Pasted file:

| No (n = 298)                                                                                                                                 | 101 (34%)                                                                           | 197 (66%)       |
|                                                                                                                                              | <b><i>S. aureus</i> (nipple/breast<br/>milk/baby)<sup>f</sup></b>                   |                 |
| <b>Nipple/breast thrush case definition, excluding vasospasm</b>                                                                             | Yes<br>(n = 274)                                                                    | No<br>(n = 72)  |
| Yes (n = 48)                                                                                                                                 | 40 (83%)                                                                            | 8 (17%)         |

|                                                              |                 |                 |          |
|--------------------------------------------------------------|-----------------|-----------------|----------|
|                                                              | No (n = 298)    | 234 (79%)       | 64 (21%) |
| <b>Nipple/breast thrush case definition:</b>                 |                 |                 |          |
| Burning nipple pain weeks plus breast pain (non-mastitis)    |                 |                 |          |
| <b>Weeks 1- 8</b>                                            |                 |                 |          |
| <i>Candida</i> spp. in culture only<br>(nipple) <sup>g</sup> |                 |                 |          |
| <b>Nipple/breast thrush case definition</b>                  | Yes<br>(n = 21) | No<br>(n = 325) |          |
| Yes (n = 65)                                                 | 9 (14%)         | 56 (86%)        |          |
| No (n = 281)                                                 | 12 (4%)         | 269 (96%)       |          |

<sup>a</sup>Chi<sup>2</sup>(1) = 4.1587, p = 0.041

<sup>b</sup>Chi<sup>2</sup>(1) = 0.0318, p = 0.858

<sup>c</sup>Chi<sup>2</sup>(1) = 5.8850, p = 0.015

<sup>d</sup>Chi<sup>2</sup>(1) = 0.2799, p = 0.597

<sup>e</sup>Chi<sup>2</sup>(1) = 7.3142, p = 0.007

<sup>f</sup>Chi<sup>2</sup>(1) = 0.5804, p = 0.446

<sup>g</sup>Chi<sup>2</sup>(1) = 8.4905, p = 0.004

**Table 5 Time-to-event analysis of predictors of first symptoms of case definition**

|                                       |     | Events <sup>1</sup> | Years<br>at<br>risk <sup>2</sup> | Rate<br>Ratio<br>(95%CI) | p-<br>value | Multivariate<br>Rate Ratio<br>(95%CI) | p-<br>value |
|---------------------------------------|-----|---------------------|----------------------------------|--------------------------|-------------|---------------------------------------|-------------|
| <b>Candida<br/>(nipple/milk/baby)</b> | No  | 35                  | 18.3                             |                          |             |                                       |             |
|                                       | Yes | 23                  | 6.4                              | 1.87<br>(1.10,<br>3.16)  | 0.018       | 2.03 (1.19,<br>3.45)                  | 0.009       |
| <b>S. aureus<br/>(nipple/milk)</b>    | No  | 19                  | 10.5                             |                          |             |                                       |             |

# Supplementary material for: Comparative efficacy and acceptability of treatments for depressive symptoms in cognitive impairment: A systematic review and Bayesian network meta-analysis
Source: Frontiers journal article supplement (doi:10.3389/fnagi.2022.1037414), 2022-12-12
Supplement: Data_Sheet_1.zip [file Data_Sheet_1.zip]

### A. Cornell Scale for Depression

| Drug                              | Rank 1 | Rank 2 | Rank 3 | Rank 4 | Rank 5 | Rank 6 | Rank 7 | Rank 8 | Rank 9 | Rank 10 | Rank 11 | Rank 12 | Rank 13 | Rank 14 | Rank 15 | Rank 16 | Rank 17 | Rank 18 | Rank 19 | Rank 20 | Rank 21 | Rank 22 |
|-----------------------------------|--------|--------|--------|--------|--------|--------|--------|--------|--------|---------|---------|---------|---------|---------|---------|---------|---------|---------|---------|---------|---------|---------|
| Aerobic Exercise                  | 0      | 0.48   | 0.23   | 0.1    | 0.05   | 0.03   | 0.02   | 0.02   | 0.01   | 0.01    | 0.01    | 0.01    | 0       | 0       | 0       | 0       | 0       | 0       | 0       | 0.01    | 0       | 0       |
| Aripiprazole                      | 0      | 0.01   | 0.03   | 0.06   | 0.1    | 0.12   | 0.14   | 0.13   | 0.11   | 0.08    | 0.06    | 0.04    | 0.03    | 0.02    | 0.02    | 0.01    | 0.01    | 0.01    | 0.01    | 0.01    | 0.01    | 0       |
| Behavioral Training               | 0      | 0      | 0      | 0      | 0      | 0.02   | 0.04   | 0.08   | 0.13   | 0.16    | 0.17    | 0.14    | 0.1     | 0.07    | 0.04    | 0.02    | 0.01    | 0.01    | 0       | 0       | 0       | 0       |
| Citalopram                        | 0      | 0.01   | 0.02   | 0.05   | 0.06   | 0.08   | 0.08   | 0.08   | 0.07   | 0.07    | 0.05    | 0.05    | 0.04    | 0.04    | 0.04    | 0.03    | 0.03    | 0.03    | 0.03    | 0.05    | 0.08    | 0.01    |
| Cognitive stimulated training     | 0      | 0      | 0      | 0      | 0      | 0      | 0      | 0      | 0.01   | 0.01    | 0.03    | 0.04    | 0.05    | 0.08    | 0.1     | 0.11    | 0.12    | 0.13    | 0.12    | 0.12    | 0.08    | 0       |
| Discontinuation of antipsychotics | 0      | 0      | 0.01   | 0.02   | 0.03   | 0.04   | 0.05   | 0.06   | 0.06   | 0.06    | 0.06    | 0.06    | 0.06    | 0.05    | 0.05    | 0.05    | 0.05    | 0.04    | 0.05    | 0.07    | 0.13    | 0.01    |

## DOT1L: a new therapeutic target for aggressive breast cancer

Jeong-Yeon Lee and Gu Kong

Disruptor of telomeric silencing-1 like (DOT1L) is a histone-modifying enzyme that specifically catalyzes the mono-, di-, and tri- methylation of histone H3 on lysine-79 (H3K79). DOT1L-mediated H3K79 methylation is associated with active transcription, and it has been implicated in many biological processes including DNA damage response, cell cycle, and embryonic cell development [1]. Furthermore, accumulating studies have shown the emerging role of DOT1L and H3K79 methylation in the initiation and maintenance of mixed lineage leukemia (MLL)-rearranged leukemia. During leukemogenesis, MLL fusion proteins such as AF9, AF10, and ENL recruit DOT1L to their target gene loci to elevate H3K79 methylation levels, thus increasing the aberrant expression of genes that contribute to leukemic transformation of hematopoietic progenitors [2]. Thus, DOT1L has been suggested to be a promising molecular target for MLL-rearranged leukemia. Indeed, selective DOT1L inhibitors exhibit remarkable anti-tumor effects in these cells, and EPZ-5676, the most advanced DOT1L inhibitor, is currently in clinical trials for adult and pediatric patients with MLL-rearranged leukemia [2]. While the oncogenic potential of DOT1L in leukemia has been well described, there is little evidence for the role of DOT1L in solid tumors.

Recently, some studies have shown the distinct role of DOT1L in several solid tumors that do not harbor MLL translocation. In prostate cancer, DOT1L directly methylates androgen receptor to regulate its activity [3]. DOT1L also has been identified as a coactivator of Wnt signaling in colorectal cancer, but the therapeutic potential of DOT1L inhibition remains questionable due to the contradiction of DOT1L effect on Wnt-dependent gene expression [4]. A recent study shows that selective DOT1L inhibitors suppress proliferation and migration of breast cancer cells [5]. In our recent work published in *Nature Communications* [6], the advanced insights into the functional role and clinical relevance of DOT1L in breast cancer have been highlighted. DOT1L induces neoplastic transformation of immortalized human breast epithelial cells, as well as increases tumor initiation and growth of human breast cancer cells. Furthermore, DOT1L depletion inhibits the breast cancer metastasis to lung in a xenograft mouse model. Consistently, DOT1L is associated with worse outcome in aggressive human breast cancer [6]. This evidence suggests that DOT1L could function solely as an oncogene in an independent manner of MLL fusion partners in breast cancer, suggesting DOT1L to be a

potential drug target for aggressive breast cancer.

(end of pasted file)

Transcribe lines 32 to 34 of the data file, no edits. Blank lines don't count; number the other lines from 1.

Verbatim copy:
| Drug                              | Rank 1 | Rank 2 | Rank 3 | Rank 4 | Rank 5 | Rank 6 | Rank 7 | Rank 8 | Rank 9 | Rank 10 | Rank 11 | Rank 12 | Rank 13 | Rank 14 | Rank 15 | Rank 16 | Rank 17 | Rank 18 | Rank 19 | Rank 20 | Rank 21 | Rank 22 |
|-----------------------------------|--------|--------|--------|--------|--------|--------|--------|--------|--------|---------|---------|---------|---------|---------|---------|---------|---------|---------|---------|---------|---------|---------|
| Aerobic Exercise                  | 0      | 0.48   | 0.23   | 0.1    | 0.05   | 0.03   | 0.02   | 0.02   | 0.01   | 0.01    | 0.01    | 0.01    | 0       | 0       | 0       | 0       | 0       | 0       | 0       | 0.01    | 0       | 0       |